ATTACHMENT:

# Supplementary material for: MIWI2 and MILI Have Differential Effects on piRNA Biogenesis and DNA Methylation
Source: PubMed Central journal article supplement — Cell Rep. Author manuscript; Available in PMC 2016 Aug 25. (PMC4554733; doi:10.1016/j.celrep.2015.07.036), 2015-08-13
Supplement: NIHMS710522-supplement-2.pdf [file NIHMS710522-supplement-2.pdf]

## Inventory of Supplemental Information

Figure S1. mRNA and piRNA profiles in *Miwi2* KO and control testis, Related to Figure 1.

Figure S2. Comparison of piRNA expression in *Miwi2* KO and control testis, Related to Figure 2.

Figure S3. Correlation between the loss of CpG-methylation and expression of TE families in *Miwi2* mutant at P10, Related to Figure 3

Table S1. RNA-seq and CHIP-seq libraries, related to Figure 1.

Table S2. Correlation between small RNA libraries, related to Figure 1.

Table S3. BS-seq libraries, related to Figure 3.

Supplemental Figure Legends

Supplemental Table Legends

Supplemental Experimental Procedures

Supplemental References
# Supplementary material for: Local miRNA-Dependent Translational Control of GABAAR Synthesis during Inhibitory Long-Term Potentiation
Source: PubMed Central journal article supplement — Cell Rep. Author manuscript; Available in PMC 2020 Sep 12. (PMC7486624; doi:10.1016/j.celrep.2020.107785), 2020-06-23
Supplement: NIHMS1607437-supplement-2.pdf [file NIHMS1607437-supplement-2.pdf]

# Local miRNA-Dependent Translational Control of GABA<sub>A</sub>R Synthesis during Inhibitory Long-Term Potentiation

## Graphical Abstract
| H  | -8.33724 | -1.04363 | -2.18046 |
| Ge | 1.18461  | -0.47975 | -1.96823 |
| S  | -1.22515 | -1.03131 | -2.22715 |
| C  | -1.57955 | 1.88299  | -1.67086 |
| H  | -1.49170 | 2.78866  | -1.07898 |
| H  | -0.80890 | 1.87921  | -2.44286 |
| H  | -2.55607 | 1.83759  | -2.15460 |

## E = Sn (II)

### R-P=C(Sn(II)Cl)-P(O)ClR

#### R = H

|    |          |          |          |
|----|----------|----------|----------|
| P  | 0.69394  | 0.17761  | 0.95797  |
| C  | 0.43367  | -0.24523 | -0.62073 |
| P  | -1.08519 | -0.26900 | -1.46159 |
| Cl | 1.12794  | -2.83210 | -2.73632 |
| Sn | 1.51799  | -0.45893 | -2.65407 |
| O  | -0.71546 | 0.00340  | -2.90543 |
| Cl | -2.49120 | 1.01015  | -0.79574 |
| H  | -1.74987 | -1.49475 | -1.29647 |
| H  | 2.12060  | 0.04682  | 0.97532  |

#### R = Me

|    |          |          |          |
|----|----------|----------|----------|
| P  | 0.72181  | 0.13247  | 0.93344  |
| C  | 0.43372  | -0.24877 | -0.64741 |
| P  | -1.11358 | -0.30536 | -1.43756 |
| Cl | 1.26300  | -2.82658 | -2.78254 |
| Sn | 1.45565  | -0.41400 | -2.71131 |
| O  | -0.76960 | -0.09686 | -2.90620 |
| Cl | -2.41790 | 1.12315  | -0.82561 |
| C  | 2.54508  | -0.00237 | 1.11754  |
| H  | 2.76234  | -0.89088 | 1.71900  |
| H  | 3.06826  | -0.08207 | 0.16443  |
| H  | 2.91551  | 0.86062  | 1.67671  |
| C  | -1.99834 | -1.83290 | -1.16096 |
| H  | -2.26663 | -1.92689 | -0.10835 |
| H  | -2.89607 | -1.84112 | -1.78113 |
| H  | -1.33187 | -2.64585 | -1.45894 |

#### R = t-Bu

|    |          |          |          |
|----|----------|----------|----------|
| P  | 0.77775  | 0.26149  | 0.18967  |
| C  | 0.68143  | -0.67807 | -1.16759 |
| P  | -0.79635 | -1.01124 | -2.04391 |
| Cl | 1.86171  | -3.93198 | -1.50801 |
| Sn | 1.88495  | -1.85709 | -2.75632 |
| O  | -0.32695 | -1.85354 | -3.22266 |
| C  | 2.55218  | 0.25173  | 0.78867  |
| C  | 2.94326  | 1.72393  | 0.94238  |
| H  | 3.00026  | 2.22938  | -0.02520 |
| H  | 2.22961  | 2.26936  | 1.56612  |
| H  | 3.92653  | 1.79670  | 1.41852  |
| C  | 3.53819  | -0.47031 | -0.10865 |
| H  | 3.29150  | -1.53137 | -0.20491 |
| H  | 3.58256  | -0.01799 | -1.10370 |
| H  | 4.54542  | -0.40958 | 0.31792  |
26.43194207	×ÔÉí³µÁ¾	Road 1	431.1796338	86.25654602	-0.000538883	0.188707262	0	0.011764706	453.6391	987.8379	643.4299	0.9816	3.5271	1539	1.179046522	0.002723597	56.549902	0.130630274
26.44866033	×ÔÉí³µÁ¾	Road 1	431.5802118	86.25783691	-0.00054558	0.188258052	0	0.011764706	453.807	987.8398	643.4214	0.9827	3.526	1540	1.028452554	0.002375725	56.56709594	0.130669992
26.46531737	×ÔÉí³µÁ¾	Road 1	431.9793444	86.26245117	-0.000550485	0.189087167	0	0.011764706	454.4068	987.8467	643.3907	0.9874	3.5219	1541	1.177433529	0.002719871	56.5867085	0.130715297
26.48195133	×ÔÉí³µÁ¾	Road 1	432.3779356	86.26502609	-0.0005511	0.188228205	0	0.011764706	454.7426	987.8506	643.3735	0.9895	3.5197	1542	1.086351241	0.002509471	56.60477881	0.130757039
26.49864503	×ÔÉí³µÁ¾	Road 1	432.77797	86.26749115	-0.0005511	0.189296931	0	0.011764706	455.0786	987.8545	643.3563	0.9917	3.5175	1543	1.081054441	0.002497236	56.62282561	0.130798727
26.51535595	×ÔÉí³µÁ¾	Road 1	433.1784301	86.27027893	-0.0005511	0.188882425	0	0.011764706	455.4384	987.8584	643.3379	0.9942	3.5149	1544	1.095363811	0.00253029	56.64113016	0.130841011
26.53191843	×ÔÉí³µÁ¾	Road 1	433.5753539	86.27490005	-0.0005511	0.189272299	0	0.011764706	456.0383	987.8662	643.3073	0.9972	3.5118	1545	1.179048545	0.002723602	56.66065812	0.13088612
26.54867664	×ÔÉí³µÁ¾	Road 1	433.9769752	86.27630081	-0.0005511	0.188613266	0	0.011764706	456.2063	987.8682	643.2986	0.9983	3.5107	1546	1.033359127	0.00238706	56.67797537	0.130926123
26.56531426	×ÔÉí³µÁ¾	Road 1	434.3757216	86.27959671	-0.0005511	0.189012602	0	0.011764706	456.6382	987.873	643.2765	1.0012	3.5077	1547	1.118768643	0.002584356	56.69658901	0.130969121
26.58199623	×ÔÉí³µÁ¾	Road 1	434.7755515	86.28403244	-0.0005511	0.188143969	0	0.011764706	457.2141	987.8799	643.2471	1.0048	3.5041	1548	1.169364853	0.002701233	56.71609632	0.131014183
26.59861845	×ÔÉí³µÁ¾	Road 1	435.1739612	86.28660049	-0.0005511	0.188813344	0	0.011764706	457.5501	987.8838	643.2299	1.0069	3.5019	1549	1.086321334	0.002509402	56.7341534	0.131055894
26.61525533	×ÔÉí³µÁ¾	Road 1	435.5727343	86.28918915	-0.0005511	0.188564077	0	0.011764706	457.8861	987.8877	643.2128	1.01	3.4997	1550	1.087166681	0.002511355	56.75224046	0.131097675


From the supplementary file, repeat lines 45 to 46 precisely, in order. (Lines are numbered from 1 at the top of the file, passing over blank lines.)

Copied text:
| C  | 0.43372  | -0.24877 | -0.64741 |
| P  | -1.11358 | -0.30536 | -1.43756 |